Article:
Gather information in support of decision making is decision risk reduction. The desire to reduce risk is good business practice. The decision maker needs information about the behaviour of the random variables involved in the decision making process. These must be estimated before the fact to make a decision about the future.
To develop the needed estimates we need a Basis of Estimate process, which means building the estimates from Reference Classes, parametric models, or similar cardinal based processes that have calibrated in some way. The Ordinal (relative) estimate are not credible. This removes the ill conceived notion that estimates are guesses.
† Extracted from How To Measure Anything, Douglas W. Hubbard.
In the estimating discussion there is a popular notion that we can't possibly estimate something we haven't done before. So we have to explore - using the customers money by the way - to discover what we don't know.
The when we hear about we've never done this before and estimating is a waste of time, think about the title of the post.
Everything's a Remix
Other than inventing new physics all software development has been done in some form or another before. The only true original thing in the universe is the Big Bang. Everything else is derived from something that came before.
Now we may not know about this thing in the past, but that's a different story. It as done before in some form, but we didn't realize it. There are endless examples of copying ideas from the past is thinking they are innovative, new and break through. The iPad and all laptops came from Allan Kay's 1972 paper, "A personal computer for childern of all ages." Even how the touch screen on the iPhone works was done before Apple announced it as the biggest breakthrough in the history of computing.
In our formal defense acquisition paradigm there are many programs that are research. This looks like this flow. Making estiimates about the effort and duration is difficult, so blocks of money are provided to find out. But these are not product production or systems development processes. The Systems Design and Development (SDD) is between MS-B and MS-C. We don't confuse exploring from developing. Want to explore work on a DARPA program. Want to develop, work in post-MS-B and know somethiong about what came before.
The Pre-milestone A works is to identify what capabilities will be needed in the final product. The DARPA programs I work are even further to the left of Milestone A.
On the other end of the spectrum from this formal process, a collection of sticky notes on the wall could have similar flow of maturity. But the principles are still the same.
So How To Estimate in the Presence of We've Never Done This Before
Here's a critical concept - we can't introduce anything new until we're fluent in the language of our domain, and we do that through emulation.† This means for us to move forward we have to have done something like this in the past. So if we haven't done something like this in the past, don't know anyone who has, or can't find an example of it being done, we will have little success being innovative. As well, we will hopelessly fail in trying to estimate the cost, schedule, and probability of delivering capabilities. In other words we'll fail and blame it on the estimating process and assume that we'll be successful if we stop estimating.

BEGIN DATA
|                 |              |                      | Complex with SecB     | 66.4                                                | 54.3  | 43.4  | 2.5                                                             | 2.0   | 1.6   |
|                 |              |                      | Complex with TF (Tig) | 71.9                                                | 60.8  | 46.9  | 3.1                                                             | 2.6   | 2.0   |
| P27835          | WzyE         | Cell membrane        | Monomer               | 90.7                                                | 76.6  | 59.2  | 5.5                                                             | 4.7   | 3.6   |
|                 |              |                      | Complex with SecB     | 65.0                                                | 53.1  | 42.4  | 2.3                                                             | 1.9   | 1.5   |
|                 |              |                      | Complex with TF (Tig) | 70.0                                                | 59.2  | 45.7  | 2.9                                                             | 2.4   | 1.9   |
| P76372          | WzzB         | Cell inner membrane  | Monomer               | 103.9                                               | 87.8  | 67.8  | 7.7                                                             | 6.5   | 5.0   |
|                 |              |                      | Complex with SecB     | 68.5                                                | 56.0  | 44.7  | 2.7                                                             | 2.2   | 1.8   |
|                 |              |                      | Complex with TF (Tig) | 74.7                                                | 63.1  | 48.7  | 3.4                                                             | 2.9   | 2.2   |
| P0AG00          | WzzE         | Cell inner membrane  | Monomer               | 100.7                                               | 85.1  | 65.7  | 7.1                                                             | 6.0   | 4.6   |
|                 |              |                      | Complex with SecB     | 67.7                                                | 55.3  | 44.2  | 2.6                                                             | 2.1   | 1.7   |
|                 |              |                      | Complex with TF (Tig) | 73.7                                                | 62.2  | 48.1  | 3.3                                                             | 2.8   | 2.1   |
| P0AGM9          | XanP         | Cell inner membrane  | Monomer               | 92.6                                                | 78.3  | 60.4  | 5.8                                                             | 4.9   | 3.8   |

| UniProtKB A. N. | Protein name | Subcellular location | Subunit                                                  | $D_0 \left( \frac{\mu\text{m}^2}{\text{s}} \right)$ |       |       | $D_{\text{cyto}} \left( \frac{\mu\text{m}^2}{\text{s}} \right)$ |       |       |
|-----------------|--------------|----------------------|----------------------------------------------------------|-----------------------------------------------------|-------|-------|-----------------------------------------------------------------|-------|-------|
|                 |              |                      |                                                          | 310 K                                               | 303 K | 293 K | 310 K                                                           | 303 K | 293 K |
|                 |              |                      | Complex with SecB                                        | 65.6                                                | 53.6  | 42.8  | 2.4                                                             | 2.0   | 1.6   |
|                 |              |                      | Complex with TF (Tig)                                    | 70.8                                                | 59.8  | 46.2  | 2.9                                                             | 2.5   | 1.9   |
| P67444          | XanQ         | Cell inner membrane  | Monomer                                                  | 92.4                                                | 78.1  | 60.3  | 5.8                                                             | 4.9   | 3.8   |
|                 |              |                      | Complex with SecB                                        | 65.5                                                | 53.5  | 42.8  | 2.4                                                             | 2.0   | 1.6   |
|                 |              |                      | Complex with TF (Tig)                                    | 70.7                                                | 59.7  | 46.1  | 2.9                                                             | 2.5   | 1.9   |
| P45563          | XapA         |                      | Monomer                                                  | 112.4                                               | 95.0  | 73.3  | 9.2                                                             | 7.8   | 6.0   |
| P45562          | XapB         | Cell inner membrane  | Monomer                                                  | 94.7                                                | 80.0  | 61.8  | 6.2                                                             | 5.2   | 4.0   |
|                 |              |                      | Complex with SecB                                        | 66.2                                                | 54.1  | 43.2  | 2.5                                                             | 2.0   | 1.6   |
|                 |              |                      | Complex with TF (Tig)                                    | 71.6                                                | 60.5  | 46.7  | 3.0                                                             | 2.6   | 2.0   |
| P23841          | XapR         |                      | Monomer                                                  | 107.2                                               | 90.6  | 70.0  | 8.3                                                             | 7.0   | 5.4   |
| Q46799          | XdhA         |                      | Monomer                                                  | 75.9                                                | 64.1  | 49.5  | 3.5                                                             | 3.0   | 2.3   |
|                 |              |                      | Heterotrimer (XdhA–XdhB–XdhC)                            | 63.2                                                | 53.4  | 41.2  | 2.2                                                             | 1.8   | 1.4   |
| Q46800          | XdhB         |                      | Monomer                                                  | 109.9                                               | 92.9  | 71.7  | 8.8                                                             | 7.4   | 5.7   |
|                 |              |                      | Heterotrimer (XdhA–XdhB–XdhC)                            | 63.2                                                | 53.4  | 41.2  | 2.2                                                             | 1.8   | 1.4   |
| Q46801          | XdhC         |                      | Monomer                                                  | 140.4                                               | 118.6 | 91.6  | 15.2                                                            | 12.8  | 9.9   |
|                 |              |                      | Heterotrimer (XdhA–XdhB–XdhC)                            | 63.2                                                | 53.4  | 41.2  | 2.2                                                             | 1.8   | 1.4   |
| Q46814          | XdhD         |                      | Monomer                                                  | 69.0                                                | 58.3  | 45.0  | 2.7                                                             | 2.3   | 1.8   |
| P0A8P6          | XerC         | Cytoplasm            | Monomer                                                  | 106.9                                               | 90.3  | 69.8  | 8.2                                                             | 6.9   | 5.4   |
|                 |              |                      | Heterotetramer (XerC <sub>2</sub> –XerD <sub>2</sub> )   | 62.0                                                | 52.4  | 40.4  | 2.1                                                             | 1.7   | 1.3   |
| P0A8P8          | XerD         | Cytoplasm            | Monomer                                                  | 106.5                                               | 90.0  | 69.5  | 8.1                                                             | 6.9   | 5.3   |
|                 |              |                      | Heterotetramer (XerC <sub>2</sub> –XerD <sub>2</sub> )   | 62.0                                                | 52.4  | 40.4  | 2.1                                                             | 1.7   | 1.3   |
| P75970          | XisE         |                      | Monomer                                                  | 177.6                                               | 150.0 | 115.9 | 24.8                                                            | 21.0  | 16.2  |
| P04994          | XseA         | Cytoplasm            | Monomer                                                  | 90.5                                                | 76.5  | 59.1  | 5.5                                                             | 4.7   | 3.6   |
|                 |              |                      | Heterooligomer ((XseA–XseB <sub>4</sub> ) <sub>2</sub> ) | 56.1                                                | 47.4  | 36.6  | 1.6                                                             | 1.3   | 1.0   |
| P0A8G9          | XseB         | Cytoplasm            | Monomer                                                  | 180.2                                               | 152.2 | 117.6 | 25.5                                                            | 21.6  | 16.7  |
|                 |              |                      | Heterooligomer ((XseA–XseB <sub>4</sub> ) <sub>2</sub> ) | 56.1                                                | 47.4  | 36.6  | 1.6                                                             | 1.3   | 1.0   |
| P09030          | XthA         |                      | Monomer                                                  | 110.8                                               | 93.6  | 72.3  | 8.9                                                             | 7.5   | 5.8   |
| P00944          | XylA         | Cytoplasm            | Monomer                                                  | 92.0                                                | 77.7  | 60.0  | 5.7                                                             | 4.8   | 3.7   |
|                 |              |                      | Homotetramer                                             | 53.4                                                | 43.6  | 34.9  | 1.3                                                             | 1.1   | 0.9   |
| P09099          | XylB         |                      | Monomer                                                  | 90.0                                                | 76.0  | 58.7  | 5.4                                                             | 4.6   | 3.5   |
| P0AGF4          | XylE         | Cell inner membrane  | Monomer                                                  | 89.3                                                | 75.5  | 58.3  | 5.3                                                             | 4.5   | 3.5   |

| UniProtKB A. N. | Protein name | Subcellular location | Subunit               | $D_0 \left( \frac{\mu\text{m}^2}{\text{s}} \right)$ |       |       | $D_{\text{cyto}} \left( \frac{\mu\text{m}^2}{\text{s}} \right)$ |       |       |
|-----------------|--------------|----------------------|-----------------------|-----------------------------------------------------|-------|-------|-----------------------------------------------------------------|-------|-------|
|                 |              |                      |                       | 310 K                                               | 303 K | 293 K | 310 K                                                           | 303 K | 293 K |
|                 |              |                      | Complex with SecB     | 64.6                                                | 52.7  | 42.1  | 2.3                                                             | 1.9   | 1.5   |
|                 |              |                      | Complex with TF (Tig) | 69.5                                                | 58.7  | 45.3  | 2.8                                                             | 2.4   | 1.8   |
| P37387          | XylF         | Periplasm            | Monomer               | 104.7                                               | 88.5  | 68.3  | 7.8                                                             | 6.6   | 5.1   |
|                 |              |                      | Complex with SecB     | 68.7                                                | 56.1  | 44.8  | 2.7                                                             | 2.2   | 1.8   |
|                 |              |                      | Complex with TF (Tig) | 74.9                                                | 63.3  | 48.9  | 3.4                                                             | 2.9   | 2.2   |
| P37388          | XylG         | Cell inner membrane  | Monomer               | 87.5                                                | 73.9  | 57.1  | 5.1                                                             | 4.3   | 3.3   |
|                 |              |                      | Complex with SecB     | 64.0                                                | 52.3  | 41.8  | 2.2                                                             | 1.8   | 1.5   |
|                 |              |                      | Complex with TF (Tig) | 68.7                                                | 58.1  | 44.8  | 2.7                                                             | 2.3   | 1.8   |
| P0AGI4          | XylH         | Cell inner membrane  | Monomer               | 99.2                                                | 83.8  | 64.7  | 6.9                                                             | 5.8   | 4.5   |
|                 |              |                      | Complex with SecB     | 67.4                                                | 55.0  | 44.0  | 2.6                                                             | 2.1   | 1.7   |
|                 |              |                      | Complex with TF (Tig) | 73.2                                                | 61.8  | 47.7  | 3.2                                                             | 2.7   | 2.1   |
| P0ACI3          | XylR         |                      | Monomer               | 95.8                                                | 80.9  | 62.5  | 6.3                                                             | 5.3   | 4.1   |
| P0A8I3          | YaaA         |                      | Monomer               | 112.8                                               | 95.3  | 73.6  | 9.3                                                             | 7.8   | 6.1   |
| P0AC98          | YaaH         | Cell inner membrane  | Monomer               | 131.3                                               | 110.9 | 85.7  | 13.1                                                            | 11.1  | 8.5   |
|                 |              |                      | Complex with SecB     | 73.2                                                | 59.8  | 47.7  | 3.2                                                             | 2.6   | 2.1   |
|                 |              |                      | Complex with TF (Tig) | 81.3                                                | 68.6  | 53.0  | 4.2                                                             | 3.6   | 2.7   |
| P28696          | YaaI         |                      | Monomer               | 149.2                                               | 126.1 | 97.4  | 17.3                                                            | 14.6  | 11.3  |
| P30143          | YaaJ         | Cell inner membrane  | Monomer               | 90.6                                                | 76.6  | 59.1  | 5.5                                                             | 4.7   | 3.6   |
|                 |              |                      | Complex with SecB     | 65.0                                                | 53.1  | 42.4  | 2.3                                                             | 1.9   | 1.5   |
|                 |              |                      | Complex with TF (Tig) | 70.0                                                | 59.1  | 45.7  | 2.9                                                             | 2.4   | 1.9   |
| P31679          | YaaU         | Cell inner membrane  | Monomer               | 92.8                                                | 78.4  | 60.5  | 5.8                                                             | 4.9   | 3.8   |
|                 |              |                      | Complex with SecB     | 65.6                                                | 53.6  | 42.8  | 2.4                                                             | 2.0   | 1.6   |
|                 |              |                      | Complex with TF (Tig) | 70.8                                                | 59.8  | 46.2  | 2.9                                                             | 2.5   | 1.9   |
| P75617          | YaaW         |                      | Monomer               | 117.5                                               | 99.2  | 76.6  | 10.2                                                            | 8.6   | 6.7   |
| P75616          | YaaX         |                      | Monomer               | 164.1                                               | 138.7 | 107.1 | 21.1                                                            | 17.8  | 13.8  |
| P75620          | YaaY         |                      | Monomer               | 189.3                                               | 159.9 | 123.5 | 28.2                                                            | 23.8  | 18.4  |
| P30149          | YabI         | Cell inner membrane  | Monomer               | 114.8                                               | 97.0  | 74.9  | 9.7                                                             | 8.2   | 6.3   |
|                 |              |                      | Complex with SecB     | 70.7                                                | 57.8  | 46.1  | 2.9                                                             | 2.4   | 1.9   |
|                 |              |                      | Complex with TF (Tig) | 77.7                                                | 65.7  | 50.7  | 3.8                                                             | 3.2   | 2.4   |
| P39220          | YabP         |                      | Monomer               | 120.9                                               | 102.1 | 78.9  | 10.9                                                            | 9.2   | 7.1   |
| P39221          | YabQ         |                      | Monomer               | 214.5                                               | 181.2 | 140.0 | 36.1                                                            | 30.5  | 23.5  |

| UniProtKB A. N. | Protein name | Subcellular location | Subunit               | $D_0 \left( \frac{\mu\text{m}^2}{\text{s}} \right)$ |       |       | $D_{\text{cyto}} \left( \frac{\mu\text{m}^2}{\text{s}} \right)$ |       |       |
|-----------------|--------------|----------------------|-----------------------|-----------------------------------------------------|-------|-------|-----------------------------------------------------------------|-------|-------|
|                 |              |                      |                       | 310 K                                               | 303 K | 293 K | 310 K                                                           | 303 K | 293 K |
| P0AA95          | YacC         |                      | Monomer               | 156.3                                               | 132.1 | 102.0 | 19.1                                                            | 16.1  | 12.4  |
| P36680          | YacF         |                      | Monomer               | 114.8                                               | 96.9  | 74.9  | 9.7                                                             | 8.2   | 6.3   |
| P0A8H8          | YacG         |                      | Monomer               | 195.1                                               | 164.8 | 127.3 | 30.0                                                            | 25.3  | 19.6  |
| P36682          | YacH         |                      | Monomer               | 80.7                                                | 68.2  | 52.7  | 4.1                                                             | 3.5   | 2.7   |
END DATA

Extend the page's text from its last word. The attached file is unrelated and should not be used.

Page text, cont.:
So stop thinking about we can't know what we don't know and start thinking someone has done this before and we just need to find that someone, somewhere, something. Nobody starts out being original, we need copying to get started. Once copied, transformation is the next step. With the copy we can estimate size and effort. We can now transform it into something that is better, and since we now know about the thing we copied, we have a reference class. Yes that famous Reference Class Forecasting used by all mature estimating shops. With the copy and it's transformed item, we can them combine ideas into something new. The Alto from Xerox and then the Xerox Star for executives, was the basis of the Lisa and Mac.
You can estimate almost anything, and every software system if you do some home work and suspend the belief it can't be done. WHY? because it's not your money, and those providing you the money have an interest in several things about their money - what will it cost, when will you be done, and using the revenue side of the balanced sheet, when will they break even on the exchange of money for value? This is the principle of every for profit business on the planet. The not-for-profits have to pay the electric bill as well, as do the non-profits. So everyone, everywhere needs to know the cost of that value they asked us top produce BEFORE we've spent all their money and ran out of time to reach the target market for that pesky break even equation.
Anyone tells you otherwise is not in the business of business, but just on the expense side and that means not on the decision making side either, just labor doing what they're told to do - which is a noble profession, but unlikely to influence how decisions are made.